The Water District had a long history of working with, and handsomely paying for, habitat restoration “experts” who advised that cut and dab (with glyphosate) was the best way to eliminate broom plants from the 80-acre property; these experts often rely on glyphosate to poison invasive plants. Over the next few months, ratepayers made it clear that they didn’t want the agency using Roundup. The board dodged the issue by switching to a DowDuPont product that still contained glyphosate!
This was discouraging, but through all this we saw that we did have some influence to change minds as the district’s Operations Manager recognized the risks to his employees and decided to stop using Roundup for weed abatement on other district properties.
In with the bold
Following this momentum, Rick and I were invited to join a small political campaign that was promoting a slate of three new candidates to run against the incumbent directors at the Water District. Promoting a slate can be risky but the group felt it was the best way to effect real change because they would secure a majority if they won. Most importantly, the challengers agreed to campaign against the use of herbicides.
Weekly campaign meetings consisted of 11 dedicated people with amazing talents. We promoted public outreach and education, letters to the editor, targeted advertising in newspapers and radio stations, created catchy road signs and a executed brilliant use of online media. We called the incumbents “the Glypho-Slate.” We waved homemade signs on the Felton bridge (a choke point leading to the San Lorenzo Valley) to catch the stream of traffic coming home from work. We handed out fliers, shook hands, and the candidates talked with residents outside of stores and at community events. We hit the big issues: incumbents ignoring their public, the use of toxic chemicals in our water, grand jury investigations, rate increases, and out-of-control meetings.
During the campaign, a candidates forum was held at the local high school — the public knew that this was a contentious fight but wanted to make up their own minds about issues. About 200 people attended and the incumbents’ talking points were embarrassingly predictable. One member who was up for re-election doubled down on using glyphosate, unbelievably stating, “Using one cup of glyphosate is environmentally a good thing.” That comment asks you to suspend belief, as if one cup would suffice for thousands of broom plants. It just didn’t make sense.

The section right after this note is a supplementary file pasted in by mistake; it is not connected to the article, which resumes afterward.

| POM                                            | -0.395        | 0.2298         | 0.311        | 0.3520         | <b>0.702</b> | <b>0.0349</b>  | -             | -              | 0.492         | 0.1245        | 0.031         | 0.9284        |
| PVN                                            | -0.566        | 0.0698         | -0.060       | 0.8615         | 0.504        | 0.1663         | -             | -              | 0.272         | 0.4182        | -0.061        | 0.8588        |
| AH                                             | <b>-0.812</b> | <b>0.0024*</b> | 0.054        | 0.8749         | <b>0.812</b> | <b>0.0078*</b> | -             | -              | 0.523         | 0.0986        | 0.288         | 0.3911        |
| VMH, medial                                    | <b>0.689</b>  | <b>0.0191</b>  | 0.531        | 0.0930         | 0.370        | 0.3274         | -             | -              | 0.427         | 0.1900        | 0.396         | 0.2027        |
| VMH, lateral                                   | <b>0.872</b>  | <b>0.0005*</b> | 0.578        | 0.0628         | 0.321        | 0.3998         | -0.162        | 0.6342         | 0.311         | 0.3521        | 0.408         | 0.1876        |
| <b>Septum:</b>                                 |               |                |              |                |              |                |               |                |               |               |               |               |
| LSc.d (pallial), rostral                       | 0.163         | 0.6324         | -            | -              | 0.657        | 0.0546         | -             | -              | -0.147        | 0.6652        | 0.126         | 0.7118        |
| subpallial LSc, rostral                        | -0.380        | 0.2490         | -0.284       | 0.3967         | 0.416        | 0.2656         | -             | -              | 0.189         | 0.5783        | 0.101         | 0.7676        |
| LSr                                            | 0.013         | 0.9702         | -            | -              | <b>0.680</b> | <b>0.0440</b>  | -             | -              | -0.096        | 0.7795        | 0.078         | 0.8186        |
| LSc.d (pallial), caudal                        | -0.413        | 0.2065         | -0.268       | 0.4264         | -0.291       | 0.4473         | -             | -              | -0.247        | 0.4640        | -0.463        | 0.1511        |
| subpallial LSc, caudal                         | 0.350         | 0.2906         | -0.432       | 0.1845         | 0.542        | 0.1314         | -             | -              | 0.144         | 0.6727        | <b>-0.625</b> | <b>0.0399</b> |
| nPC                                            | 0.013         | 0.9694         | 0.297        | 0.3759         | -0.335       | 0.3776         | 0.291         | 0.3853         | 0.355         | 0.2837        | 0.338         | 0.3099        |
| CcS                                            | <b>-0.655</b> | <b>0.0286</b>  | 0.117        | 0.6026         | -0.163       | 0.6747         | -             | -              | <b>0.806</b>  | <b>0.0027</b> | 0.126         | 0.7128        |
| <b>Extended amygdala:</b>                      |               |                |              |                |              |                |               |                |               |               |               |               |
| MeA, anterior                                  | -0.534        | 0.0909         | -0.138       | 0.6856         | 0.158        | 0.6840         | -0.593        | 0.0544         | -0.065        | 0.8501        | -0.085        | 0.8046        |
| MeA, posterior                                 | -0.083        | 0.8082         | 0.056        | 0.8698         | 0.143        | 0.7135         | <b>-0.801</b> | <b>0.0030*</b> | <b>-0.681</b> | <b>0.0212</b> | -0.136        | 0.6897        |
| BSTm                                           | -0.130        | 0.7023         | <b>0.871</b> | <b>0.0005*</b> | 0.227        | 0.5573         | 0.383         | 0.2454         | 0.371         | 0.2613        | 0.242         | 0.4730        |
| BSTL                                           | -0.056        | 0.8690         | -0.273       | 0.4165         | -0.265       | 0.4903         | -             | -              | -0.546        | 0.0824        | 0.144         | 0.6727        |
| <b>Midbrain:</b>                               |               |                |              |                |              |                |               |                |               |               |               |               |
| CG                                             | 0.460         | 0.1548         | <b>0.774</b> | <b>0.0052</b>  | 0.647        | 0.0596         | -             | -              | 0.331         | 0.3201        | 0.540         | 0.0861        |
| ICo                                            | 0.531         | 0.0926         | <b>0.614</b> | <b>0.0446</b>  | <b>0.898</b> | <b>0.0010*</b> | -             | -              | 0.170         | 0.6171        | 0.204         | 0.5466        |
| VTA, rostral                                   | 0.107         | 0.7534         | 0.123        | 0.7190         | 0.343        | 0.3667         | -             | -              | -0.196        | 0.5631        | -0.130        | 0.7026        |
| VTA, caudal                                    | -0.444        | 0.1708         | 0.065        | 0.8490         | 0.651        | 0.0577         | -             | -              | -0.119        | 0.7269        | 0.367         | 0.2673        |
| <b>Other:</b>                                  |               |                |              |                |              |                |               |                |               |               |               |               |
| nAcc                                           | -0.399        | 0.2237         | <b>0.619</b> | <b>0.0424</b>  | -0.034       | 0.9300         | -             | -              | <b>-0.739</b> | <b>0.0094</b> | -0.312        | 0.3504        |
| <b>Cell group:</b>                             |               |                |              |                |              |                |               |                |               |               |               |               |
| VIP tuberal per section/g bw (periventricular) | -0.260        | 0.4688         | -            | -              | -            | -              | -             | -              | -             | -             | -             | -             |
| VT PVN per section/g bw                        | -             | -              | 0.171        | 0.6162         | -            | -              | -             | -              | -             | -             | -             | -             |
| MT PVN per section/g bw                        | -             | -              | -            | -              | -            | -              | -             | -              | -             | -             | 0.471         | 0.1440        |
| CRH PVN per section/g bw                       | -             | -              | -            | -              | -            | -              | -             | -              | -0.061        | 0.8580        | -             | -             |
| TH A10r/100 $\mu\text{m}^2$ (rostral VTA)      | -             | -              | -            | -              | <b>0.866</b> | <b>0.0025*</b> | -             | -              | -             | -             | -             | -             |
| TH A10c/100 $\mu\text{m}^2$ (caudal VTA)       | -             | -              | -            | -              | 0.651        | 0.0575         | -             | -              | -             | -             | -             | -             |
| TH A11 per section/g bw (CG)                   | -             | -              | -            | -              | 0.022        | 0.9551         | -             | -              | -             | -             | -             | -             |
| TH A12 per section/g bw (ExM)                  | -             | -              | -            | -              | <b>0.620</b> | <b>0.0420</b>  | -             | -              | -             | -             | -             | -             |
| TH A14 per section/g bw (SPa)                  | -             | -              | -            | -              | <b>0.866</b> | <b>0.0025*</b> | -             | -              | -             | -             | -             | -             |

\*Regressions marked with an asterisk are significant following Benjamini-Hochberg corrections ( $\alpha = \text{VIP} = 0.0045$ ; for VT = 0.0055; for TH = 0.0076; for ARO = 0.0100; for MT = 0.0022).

A win for the community
Election day arrived and the results rolled in, decisive and impressive! Our candidates garnered 58% of votes while the Glypho-Slate pulled in only 42%. A record-breaking 76.3% of registered voters stepped up and turned out! It was a victory for the community and the environment.
In December, the slate of Fultz, Henry and Swan were sworn in as the new Directors of the San Lorenzo Valley Water District. They have promised the use of an Integrated Pest Management Plan, no use of glyphosate, and a more healthy direction for the district and community.
Our grassroots group chipped away at the established foundation of herbicide use that exists from the corporate level to our neighborhoods. But this isn’t just a story about our group. It proves that a small group of dedicated movers and shakers can take on some well-heeled political groups and blow past them to effect real change from the voters who know the truth when it’s put before them.
PHOTO: KEN FROM SCOTTS VALLEY, USA, VIA WIKIMEDIA COMMONSJAN 8, 2019CHRIS MORANShare this post:
CHRIS MORANChris Moran is retired from the City of Santa Cruz where she worked for 26 years and served as the Waste Reduction Manager. She won the prestigious CAPIO top award for writing and is known for her innovative public outreach campaigns for recycling, litter, marine debris, polystyrene, and various environmental issues.